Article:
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Posted: Mar 11, 2013

Nanotechnology on a megascale

(Nanowerk News) Eric Louis has been doing research into advanced multi-layer mirrors used for computer chips, among other things, for more than 20 years. This is nanotechnology in its truest sense, because each layer is only a few nanometres thick. However, this is done on a mega scale, because the mirrors can be up to one metre in size. The accuracy required for this is unprecedented: “In macroscopic terms it is as if you would cover the whole of the Netherlands with a layer of asphalt of 50 cm thickness while at no place in the country the deviation is allowed to be more than the thickness of an A4.”
Eric Louis
Eric Louis
In order to explain his research, Louis first has to explain how computer chips are made. “This takes place in an optic process. Just as you can project a slide on a wall in larger dimensions, you can also make a reduced image of something.” The designer of a chip makes a pattern on a mask that you subsequently reduce using a lens and then project onto a light-sensitive layer on a chip. Since components for chips have to be increasingly smaller and you can make smaller images using shorter wavelengths of the light, the industry uses increasingly shorter wavelengths. Louis: “In the course of years, the industry has moved from visible light to ultraviolet light and now even deep ultraviolet. However, that is the last piece of the spectrum for which you are still able to make lenses. At an even shorter wavelength, all the light is absorbed.”

Mirrors

To overcome this problem, Louis and his fellow researchers focus light using concave and convex mirrors. However, this immediately leads to the next problem: these mirrors must be able to reflect sufficient light and there is no material that can do this. But there is a solution to this, too, for if you pile many reflecting surfaces onto one another, you can ensure that all these layers reflect a small part of the light, as a result of which the total reflection is large enough.

The trick, according to Louis, lies in making these layers. “You must ensure that the distances between the reflecting surfaces properly fit in with the wavelength of the light. We use light with a wavelength of 13.5 nanometres, and therefore need to make layers 2-3 nanometres thick.” We need to work extremely accurately, especially because the dimensions of the mirrors, in terms of nanotechnology, can be huge, i.e. up to 1 metre in size. Louis: “It is as if you were to cover the whole of the Netherlands with a layer of asphalt of 50 cm thickness while at no place in the country the deviation is allowed to be more than the thickness of an A4.”
“What fascinates me in this is that it is extremely hard to imagine that you can make layers of 10 to 20 atoms thickness that have and retain the properties of the separate materials. And that you can make them in such a way that they are extremely flat, do not sustain any damage due to radiation, do not oxidise, do not bend due to material stress and a few other things that we have studied over the past 20 years. What gives me a great deal of satisfaction is that our research, although fundamental, is actually applied directly. Not only in the chips industry, incidentally. Our mirrors are also used for example for equipment that performs material analyses using X-rays, in aerospace research and for optic components with synchrotrons and X-ray free-electron lasers.”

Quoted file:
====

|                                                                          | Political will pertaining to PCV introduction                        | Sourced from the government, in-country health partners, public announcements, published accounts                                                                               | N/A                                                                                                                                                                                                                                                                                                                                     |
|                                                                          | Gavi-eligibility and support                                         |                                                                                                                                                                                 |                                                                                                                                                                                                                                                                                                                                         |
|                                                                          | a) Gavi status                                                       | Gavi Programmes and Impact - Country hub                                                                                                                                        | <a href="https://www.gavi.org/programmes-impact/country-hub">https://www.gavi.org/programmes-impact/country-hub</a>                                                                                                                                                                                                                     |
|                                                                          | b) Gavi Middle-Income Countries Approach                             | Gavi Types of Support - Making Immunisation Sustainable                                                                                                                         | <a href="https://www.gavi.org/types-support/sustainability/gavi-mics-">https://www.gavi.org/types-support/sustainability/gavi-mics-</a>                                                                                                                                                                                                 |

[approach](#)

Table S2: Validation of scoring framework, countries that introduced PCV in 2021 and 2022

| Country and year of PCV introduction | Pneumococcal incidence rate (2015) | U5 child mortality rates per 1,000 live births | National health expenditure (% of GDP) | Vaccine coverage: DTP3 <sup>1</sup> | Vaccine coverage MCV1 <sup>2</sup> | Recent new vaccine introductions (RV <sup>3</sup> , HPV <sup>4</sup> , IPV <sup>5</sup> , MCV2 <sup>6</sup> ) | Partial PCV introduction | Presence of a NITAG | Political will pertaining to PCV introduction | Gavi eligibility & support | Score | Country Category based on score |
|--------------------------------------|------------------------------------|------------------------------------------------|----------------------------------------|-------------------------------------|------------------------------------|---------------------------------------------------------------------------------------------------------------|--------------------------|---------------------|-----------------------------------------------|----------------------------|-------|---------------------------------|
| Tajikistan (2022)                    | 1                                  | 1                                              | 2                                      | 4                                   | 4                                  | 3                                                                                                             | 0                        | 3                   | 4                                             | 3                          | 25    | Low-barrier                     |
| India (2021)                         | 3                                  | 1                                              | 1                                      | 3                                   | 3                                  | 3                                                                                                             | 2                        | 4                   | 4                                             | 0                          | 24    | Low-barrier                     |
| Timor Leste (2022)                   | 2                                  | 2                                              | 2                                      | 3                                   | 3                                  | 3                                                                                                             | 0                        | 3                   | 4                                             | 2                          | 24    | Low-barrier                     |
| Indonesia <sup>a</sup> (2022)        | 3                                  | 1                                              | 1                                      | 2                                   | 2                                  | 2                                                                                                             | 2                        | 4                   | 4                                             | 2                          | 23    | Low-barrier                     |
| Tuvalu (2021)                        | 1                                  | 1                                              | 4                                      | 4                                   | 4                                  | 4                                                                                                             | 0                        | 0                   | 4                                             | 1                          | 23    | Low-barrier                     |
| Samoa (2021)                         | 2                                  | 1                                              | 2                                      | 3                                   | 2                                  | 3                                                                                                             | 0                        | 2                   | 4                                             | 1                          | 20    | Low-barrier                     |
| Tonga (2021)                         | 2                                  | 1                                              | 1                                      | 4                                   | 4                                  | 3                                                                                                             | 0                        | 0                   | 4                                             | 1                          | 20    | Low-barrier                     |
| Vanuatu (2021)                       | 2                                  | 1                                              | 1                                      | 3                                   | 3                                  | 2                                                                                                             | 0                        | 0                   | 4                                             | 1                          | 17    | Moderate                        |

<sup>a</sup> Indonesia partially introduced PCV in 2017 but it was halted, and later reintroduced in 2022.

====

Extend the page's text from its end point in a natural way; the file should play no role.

Doctoral thesis
Louis recently obtained a PhD at the University of Twente. In doing so, he did not follow the most obvious academic path. Most people who do a PhD do so much earlier in their career and merely have a few scientific publications in their name. By now, Louis has more than 20 years of research experience. He has published 56 scientific articles and was himself involved in the supervision of approximately 20 doctoral researchers. “Now the time was right, I thought. I’m quite ambitious in achieving the best result: the right mirror for the right application. However, I may be a little less ambitious in the personal sphere. By this I mean that I found my work more important than seeking isolation to write my own book. Last year I was asked to write an extensive review article about our work. I accepted this invitation with both hands. This article was a proper basis to start my doctoral thesis with and to supplement it with material not previously published. The PhD feels like the circle is now complete.”
Top of the bill
Louis is currently still working at the FOM Institute DIFFER in Nieuwegein. The entire group that he is part of will move to the UT (here you can find more information about this). Louis looks forward to his new work environment. “For this particular field I consider the UT’s MESA+ institute top of the bill. Therefore we are really looking forward to continuing our work there.”
Source: University of Twente
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